351//365 / by Rebecca Tillett


(351//365) For months as this day has approached I have wondered what to say about it. And more importantly, how I feel about it. I'm still painfully uncertain of both but here it is, upon me in all of its symbolic glory and here I am, acutely aware.

I couldn't say I've spent more of my life without you in it than in it, until today. My life is now more heavily marked by your absence than your presence.

What does this mean, the fact that you've now, as of this moment for every moment forward, occupied a minority of my life? Could I say it's been 16 years and I hardly think of you anymore? Could I say I've forgotten so many of the sad details of your life that helped to paint my own in such vividly dark colors? Could I say I've forgiven you for robbing me of a life without a father, the opportunity to open my heart to you and spill 16 years of pain, now doubled, the sudden way you changed and redefined my life, or the way you didn't say goodbye?

The life I shared with you was hard and stained with so much hardship and loneliness, substance abuse and screaming and violence, and small breaks of cautious relief. I've now spent the second half of my life in reflection and regret, sorrow and gratitude, and most importantly, acceptance; acceptance that your departure freed me of your suffering but sentenced me to years of my own but at least it was mine. It was all mine.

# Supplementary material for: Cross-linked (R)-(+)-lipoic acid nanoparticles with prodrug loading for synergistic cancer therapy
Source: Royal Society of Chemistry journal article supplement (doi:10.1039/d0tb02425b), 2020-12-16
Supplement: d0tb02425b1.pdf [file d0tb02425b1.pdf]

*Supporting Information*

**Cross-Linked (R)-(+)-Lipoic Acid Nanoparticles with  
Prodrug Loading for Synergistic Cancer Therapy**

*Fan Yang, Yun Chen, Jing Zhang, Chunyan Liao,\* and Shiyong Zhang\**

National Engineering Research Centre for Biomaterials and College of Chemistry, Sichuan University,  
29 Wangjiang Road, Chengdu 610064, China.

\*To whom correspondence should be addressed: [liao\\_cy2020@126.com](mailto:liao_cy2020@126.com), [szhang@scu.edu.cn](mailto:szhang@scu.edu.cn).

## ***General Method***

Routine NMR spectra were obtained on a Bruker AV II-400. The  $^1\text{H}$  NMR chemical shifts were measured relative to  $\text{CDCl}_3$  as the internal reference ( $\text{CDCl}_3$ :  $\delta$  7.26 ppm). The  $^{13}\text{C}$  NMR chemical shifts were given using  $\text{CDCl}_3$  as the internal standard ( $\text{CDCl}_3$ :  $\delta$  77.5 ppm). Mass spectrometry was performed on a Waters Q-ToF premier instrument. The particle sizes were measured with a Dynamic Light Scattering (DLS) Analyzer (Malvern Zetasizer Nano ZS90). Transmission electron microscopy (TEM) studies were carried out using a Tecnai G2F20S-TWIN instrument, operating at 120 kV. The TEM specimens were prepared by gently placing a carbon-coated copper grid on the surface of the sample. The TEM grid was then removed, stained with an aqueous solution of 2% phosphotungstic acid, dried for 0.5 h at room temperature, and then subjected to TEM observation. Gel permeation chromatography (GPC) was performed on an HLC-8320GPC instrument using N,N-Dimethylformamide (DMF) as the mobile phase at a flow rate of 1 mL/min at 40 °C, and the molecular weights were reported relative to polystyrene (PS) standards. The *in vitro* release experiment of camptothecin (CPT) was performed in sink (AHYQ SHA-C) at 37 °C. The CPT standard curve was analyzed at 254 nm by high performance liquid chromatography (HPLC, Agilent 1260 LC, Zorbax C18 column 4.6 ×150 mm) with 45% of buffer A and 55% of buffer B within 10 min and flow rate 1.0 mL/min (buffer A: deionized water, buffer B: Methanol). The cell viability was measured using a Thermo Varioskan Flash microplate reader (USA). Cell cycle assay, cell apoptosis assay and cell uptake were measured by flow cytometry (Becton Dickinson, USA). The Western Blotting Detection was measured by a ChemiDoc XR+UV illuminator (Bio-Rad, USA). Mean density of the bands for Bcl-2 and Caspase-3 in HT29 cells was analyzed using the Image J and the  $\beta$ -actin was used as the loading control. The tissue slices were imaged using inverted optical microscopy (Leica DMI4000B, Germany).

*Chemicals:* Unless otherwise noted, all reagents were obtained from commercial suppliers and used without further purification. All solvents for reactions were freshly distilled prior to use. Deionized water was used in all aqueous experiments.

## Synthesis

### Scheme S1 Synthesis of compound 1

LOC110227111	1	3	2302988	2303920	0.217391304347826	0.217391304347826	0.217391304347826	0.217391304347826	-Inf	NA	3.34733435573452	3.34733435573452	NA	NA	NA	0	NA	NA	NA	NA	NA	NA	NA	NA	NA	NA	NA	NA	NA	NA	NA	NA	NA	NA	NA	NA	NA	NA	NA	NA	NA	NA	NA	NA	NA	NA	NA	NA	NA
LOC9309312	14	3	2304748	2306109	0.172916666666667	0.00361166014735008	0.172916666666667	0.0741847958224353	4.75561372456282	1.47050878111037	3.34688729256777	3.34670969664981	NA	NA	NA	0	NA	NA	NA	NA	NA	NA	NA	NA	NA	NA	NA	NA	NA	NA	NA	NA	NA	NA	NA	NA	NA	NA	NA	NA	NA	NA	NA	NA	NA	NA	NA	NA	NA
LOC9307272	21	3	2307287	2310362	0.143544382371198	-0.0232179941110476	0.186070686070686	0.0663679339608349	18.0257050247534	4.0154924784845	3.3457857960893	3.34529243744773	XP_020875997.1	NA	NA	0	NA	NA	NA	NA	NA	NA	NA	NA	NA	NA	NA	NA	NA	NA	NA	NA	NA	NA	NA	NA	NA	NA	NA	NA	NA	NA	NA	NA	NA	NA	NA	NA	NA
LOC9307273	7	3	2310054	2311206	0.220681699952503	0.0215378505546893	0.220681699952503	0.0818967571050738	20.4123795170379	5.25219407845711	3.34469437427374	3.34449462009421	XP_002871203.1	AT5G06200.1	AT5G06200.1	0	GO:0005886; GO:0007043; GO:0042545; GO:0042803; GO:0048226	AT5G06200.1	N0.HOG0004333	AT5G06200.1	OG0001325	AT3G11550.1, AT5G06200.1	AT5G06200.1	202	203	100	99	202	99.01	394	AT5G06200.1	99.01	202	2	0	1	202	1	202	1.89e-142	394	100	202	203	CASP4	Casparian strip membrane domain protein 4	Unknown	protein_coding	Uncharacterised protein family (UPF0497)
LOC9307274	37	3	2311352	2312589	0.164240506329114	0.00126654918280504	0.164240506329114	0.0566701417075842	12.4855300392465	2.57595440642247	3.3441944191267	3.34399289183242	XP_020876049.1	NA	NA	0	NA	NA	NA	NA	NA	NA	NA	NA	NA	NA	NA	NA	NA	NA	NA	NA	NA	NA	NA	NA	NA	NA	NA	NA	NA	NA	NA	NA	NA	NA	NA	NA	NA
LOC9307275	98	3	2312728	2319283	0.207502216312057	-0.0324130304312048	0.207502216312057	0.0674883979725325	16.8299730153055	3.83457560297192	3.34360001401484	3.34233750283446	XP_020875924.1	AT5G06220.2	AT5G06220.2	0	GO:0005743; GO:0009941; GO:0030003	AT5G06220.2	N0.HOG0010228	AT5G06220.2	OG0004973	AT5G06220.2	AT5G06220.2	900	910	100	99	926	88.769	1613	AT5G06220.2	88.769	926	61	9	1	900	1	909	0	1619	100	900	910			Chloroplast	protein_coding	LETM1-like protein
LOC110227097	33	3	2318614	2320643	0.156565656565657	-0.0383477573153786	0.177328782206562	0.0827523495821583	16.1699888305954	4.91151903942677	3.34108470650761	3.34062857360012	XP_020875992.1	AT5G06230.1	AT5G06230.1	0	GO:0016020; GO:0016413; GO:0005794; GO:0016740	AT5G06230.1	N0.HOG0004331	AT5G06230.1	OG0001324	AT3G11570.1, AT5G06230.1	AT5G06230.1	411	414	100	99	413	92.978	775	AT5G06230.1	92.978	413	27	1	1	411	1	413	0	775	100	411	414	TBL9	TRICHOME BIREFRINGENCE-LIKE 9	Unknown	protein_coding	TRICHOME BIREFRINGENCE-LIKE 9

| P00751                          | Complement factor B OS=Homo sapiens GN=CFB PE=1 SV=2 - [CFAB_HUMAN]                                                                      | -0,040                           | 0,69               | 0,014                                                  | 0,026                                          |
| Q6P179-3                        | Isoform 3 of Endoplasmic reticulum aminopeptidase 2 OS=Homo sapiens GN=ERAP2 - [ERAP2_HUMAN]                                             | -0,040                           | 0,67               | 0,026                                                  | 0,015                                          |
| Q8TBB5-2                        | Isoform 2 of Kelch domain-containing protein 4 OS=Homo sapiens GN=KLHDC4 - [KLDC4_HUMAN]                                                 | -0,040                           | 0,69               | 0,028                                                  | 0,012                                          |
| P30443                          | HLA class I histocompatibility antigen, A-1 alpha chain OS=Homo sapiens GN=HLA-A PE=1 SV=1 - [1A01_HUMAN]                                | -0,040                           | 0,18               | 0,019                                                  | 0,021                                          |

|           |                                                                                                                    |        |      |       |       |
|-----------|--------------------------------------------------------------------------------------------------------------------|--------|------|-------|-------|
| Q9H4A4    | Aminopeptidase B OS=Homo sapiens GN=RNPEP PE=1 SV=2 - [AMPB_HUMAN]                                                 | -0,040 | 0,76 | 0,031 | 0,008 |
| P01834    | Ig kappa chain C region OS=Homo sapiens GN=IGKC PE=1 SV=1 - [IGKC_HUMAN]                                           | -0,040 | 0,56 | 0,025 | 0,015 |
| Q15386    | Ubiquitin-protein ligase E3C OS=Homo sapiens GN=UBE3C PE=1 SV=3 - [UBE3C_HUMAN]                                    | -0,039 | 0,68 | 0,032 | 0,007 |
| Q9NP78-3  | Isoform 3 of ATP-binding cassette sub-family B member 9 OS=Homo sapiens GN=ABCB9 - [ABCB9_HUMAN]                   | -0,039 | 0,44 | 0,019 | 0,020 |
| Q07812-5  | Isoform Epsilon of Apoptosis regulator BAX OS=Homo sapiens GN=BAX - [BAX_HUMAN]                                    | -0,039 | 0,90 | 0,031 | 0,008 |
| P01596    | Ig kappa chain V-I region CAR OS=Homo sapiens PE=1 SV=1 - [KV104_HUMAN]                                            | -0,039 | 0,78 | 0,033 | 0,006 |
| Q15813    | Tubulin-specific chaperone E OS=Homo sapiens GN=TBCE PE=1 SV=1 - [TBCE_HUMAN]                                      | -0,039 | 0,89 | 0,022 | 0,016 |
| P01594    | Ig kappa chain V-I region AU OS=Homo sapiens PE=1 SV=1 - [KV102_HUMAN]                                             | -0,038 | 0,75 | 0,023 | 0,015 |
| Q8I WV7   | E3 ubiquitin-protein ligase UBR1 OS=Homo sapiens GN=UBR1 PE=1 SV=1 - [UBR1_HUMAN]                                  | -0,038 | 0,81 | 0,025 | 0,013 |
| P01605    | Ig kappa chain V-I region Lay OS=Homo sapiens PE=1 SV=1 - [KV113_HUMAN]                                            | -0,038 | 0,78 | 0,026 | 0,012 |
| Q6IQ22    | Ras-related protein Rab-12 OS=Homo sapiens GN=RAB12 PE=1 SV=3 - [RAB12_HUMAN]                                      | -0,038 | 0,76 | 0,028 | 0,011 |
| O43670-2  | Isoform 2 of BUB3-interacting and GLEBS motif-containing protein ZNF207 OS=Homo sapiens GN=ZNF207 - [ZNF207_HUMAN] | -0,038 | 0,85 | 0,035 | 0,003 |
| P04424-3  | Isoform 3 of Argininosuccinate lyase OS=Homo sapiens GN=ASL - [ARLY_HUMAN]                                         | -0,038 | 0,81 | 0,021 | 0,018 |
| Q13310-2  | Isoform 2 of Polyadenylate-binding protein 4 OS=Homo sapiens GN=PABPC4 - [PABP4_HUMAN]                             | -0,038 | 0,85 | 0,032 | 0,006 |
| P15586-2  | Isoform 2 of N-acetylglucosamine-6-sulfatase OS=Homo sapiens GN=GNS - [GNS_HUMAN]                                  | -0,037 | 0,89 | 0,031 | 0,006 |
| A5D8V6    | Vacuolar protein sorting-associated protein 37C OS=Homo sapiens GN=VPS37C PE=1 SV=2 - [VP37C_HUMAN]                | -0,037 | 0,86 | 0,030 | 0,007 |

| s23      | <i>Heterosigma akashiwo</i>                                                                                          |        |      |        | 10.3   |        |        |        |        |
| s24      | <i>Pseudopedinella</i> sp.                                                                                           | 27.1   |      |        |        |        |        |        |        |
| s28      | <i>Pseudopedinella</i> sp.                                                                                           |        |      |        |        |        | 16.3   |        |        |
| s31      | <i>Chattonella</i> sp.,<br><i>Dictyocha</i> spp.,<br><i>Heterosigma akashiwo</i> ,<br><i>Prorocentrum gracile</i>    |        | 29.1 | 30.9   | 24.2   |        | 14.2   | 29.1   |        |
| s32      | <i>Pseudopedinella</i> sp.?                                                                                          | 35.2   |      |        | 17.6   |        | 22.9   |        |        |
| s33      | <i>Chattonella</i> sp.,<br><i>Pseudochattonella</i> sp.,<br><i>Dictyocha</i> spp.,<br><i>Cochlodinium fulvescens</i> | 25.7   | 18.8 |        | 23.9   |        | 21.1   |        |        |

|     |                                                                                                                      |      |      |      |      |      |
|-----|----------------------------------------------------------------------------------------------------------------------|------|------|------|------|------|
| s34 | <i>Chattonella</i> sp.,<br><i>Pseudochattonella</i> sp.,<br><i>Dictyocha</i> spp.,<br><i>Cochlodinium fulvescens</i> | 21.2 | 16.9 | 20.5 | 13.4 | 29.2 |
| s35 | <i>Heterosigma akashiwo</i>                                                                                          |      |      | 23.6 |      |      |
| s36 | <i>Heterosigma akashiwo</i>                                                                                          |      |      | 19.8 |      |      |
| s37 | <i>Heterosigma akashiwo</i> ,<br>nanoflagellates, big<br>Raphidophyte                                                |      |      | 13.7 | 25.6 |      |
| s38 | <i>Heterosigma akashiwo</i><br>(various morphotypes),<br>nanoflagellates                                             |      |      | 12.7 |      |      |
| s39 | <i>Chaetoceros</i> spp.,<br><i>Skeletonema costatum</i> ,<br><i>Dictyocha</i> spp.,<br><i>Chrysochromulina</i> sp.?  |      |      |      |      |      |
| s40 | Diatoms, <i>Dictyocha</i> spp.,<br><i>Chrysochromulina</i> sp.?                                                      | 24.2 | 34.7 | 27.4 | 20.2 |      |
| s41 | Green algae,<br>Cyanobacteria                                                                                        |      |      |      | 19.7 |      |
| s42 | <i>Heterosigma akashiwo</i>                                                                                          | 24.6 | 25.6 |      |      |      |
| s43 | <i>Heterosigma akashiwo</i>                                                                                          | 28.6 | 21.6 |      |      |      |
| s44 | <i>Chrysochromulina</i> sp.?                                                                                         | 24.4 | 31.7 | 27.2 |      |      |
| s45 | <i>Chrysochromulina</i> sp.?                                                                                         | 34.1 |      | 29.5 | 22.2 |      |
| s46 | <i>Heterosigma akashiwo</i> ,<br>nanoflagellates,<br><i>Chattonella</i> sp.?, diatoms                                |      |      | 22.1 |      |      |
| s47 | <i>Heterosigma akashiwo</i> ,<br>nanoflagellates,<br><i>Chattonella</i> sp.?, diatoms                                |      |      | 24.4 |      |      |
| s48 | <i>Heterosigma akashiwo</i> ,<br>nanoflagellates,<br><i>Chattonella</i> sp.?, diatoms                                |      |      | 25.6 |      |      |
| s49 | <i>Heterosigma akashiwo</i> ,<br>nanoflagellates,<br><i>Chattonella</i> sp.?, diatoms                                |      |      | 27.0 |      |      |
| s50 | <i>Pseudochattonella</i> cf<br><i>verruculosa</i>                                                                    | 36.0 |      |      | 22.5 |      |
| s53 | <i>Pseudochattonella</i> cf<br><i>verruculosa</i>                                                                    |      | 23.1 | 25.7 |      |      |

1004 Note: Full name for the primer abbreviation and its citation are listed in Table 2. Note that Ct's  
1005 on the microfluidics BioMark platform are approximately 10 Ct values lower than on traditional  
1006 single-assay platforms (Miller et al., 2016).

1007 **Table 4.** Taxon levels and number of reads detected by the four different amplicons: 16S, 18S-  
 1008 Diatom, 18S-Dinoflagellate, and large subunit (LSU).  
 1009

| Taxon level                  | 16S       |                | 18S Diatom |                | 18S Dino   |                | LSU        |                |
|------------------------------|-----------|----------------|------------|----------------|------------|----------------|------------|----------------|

I'm a free woman now and I don't belong to you anymore, or the tormenting memories of you. I don't remember the color of your eyes or your face when you were laughing or the terrifying pitch of your screams. I remember that I loved you because you were my father and I hated you because you weren't. And the morning I discovered you were dead, I forgave you for leaving but not for forever quelling your chance at redemption for your failings in the heart of your only child.

You're no longer a dominant force in my life. You were the first chapter; a sad but empowering realization and I'm finally left without any compelling reasons to keep looking back. I'm content and happy now and I can do nothing but wish the same for you, wherever you may be.


If I’m going to have a good life, I need to come up with a way to heal this wound and to forgive my father for his failings, ya know, large as they were.

Many, many of us have had to come to grips with parents who failed us in ways large and small. That’s part of what it means to grow up. And I think that, for me part of doing that work has to do with also re-conceiving what we mean by forgiveness. It’s not one act at one time. It’s not one decision. It’s not one day where you have an epiphany and then all of your sorrow and rage is gone. It’s years. It’s decades. it’s decades of saying here I am and you might have been a dark teacher but you were a teacher. And thank you.
— Cheryl Strayed